The 7 percent growth of the craft beer industry provided an optimistic tone to the Craft Brewers Conference and Brewexpo America held in Chicago April 7-10. Craft brewers marked growth through new brewery openings, expanded distribution and acceptance at retail, experts reported. This year’s event presented by the Brewers Association, Boulder, Colo., featured a sold-out crowd of more than 3,400 people representing small, independent and traditional craft brewers as well as suppliers from the United States and abroad.
Brewers Association President Charlie Papazian highlighted the success of the segment and the importance of networking with local community and congressmen. The importance of political action was echoed by keynote speakers U.S. Rep. Peter DeFazio of Oregon and U.S. Rep. Richard Neal of Massachusetts. Both congressmen actively support small brewers and are working on legislation that would provide tax cuts to small brewers.
Julie Herz, director of craft beer programs for the Brewers Association, said the industry is currently engrossed in a time led by craft brewers that are attracting consumers with small batch beers that have fuller flavor as well as their dedication to their local community and collaborations with other craft brewers and local businesses.
While the overall U.S. beer industry was down by 5 million barrels, craft brewers exceeded 9.1 million barrels in 2009, reported Paul Gatza, director of the Brewers Association, in his State of the Industry report. He attributed craft beer growth to word-of-mouth marketing, restaurants adding more local beers and seasonal beers that emerged as dual flagship options, Gatza said.
Although challenges for the craft beer industry exist, optimism prevails as many people in the millennial generation identify with craft beer, he said. Craft beer sales were at an all time high in 2009, but Gatza questioned if the economy was not in a recession if there would be higher growth figures.
Craft beer continues to expand at retail noted panelists from Meijer Inc., Grand Rapids, Mich.; Hannaford Bros., Scarborough, Maine; Wegmans, Rochester, N.Y., and Sam’s Club, Bentonville, Ark, during the off-premise beer buyers panel moderated by Bump Williams, president of Bump Williams Consulting, Stratford, Conn. Seasonals, variety packs and single bottle sales are bringing in new customers at retail outlets, the panel said.
Consumers perceive craft beer as being authentic, local, entrepreneurial and different, reported Benj Steinman, president of Beer Marketer’s Insights, Suffern, N.Y. His session “Craft Shines in Trying Times” also noted that craft beer has become more of a culture than a market.
The emergence of craft beer culture was echoed in “Craft Beer Drinkers: What’s Important to Them When They’re Not Drinking Craft Beer (and Why it Matters When They Are)” presented by The Futures Co., Chapel Hill, N.C., and MillerCoors Brewing Co., Chicago. The craft beer consumer is predominately male between the ages of 21 and 39, according to The Futures Co. data. These consumers are inspired to try products that are new and different, said Michael Kallenberger of MillerCoors.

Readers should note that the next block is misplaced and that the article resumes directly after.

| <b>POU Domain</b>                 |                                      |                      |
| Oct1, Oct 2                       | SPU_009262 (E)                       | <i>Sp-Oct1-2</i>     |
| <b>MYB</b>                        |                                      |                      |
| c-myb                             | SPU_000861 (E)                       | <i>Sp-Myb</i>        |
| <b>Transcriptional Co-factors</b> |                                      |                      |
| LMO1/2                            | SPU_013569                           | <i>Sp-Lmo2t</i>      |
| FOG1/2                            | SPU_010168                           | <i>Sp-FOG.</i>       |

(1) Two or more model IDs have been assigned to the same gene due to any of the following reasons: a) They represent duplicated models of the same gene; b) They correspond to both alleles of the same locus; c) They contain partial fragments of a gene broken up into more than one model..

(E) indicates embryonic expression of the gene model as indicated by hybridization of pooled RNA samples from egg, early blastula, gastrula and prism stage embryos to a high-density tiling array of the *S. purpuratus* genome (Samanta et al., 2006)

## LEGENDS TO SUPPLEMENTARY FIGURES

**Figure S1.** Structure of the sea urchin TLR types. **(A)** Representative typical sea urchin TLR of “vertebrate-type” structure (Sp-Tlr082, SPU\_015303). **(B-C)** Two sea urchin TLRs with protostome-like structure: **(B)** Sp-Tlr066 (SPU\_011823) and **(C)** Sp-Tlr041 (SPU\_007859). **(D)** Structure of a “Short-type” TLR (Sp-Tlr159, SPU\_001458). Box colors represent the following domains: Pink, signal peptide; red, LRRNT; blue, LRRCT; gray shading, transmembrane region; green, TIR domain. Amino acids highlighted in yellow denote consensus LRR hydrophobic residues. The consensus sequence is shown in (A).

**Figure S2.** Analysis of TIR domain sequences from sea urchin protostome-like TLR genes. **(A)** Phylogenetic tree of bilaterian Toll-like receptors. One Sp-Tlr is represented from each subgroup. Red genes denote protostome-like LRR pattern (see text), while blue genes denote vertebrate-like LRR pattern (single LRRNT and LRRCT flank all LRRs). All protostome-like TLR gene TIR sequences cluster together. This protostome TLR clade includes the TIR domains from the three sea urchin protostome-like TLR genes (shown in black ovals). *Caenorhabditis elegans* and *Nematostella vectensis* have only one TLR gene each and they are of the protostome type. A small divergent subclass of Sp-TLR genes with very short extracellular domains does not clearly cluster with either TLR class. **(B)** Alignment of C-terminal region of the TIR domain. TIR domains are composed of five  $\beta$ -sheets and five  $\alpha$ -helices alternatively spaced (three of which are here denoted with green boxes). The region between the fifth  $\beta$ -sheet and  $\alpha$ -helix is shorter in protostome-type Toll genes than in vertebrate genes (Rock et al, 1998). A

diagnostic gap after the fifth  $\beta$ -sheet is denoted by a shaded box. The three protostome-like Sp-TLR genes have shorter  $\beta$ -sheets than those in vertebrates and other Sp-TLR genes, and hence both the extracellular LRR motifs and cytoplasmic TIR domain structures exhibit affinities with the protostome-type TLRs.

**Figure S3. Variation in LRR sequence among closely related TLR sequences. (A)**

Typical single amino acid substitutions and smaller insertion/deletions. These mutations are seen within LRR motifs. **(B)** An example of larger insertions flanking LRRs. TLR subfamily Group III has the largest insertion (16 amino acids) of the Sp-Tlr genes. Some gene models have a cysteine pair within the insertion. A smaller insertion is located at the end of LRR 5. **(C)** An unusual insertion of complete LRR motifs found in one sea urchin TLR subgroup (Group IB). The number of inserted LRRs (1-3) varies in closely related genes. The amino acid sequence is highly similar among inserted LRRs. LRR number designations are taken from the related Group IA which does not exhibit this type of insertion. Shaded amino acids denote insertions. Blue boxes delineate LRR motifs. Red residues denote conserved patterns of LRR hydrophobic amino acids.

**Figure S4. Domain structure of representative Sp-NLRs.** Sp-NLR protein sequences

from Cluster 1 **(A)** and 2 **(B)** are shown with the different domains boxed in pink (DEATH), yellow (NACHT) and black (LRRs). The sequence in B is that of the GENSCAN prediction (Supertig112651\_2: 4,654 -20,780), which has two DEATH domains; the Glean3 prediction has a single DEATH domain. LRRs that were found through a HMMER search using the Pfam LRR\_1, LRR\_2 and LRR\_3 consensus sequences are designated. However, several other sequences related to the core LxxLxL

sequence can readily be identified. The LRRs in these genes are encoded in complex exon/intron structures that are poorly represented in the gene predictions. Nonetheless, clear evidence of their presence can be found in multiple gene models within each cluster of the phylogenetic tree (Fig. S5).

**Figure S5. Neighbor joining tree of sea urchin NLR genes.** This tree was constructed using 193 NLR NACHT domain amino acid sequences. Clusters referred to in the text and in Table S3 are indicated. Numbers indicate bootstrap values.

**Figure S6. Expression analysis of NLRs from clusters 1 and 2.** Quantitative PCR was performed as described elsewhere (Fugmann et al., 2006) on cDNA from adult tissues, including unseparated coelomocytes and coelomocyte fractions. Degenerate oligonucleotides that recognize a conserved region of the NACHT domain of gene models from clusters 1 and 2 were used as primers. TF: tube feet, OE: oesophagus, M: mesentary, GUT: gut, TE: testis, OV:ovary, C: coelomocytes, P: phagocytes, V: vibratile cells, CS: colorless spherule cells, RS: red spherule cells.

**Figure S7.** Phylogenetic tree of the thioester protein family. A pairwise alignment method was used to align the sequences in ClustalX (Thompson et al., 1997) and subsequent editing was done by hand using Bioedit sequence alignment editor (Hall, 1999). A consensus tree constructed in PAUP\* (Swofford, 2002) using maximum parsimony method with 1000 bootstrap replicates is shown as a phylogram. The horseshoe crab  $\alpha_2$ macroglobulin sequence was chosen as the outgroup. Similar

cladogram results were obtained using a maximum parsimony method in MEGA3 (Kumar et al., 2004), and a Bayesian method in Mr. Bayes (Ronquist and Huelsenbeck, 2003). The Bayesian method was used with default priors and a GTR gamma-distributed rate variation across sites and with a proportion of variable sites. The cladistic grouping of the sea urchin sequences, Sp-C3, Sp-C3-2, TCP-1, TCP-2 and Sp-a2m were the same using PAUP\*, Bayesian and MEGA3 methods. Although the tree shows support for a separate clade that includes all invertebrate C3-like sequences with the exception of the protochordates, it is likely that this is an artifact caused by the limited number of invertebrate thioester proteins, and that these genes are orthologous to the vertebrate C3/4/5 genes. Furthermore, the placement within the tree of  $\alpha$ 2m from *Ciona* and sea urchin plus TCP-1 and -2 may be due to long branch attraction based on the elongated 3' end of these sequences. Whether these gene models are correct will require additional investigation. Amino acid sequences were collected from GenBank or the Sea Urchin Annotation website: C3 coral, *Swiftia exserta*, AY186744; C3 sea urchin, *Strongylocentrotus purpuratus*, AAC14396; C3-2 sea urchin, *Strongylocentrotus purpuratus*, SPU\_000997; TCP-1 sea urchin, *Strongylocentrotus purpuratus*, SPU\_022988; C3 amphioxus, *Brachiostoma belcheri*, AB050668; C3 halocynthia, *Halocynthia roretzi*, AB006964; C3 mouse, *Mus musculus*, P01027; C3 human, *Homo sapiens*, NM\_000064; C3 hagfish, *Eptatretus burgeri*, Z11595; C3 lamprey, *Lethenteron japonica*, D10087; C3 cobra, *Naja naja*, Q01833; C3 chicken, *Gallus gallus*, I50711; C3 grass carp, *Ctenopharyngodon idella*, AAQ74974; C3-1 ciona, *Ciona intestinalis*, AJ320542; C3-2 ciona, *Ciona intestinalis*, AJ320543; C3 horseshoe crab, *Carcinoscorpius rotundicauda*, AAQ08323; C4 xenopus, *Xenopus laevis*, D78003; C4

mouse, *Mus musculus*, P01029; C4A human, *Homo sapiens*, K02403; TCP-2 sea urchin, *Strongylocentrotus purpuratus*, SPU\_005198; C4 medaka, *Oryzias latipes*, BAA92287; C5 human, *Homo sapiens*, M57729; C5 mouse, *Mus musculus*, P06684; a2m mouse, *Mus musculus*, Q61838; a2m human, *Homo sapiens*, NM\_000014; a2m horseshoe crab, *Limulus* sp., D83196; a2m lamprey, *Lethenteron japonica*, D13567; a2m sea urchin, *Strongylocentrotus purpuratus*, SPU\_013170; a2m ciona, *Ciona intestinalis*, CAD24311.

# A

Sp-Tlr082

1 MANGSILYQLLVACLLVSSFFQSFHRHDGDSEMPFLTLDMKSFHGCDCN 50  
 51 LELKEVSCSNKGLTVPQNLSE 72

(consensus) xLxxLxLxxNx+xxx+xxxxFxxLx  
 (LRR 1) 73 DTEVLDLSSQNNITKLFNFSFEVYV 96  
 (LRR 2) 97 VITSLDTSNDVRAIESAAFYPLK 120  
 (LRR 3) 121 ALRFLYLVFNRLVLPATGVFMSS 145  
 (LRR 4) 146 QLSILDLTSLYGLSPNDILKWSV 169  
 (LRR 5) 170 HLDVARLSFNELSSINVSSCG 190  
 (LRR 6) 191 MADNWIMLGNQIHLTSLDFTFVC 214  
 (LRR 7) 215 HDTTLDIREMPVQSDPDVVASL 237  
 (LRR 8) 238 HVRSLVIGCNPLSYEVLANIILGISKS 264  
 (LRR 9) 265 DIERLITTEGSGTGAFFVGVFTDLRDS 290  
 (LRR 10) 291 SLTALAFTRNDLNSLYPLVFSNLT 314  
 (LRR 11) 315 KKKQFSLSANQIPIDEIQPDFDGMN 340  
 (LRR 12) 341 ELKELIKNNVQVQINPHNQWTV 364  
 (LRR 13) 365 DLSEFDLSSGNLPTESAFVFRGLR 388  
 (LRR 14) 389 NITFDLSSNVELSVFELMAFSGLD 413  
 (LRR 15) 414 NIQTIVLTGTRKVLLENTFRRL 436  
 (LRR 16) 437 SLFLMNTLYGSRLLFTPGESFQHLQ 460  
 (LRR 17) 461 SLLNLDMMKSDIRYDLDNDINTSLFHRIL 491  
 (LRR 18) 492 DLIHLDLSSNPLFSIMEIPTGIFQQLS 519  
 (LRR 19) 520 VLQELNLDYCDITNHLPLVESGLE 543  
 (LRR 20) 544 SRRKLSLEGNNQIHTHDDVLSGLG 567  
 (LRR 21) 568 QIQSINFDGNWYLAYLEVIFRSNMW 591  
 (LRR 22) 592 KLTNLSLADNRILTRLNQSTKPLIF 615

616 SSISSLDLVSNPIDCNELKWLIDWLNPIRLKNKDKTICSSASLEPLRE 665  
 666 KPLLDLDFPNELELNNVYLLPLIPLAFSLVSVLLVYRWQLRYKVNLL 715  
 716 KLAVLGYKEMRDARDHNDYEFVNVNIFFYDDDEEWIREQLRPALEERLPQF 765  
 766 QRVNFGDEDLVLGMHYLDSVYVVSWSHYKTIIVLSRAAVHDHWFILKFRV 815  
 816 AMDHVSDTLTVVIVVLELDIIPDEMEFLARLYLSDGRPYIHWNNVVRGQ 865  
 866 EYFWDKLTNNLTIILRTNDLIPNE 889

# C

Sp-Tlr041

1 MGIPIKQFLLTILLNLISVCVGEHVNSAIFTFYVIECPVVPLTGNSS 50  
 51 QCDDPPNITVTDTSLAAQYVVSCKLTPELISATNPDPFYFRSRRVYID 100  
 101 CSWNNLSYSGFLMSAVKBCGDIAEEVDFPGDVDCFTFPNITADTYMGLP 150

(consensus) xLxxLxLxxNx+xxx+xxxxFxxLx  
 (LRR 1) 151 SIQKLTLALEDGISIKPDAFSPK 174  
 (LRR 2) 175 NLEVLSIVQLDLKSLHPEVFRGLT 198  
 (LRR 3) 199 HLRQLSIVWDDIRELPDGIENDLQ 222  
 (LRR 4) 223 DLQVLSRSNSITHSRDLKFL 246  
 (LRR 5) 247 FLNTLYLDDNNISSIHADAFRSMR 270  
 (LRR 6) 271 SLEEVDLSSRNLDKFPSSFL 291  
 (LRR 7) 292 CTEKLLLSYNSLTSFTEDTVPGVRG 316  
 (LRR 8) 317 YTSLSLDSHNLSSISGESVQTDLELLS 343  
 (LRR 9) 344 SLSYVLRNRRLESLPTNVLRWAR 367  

Craft beer consumers also want to feel a part of a community with their local and favorite craft brewers, which was emphasized in Vermilion Inc.’s session “Social Marketing: Creating a Community in Real Time.” The session noted that the increasing use of Web sites such as Facebook and Twitter have allowed craft brewers to interact with fans and send messages as a friend, rather than using traditional media.
The Brewers Association also recognized several key brewers for their dedication and service to the industry. Larry Bell, founder and owner of Bell’s Brewery Inc., Galesburg, Mich., was the winner of the Brewers Association Recognition Award. The F.X. Matt Defense of the Industry Award was presented to Steve Hindy, chairman and president of The Brooklyn Brewery, Brooklyn, N.Y. In addition, Ken Grossman, chief executive officer and president of Sierra Nevada Brewing Co., Chico, Calif., received the Russell Schehrer Award for Innovation in Brewing.
In addition, the event also included the 2010 Brewers Association World Beer Cup, which featured 3,330 beers in 90 beer style categories from 642 breweries in 44 countries. The categories with the most entries included Wood and Barrel-Aged Strong Beer followed by Herb and Spice Beer or Chocolate Beer. Additional expansion was seen in sour category beers, coffee-flavored beer, Baltic Porter and both American and Imperial IPA categories. Baird Brewing Co., Numazu, Japan, and Ballast Point Brewing Co., San Diego, Calif., tied for the most gold awards at the World Beer Cup.
The Brewers Association also highlighted its upcoming American Craft Beer Week, which will take place May 17-23. This year’s week is themed around Declaration of Beer Independence. The association will highlight the week on its newly launched the Web site, craftbeer.com, and at retail locations for brewers that register with the association.
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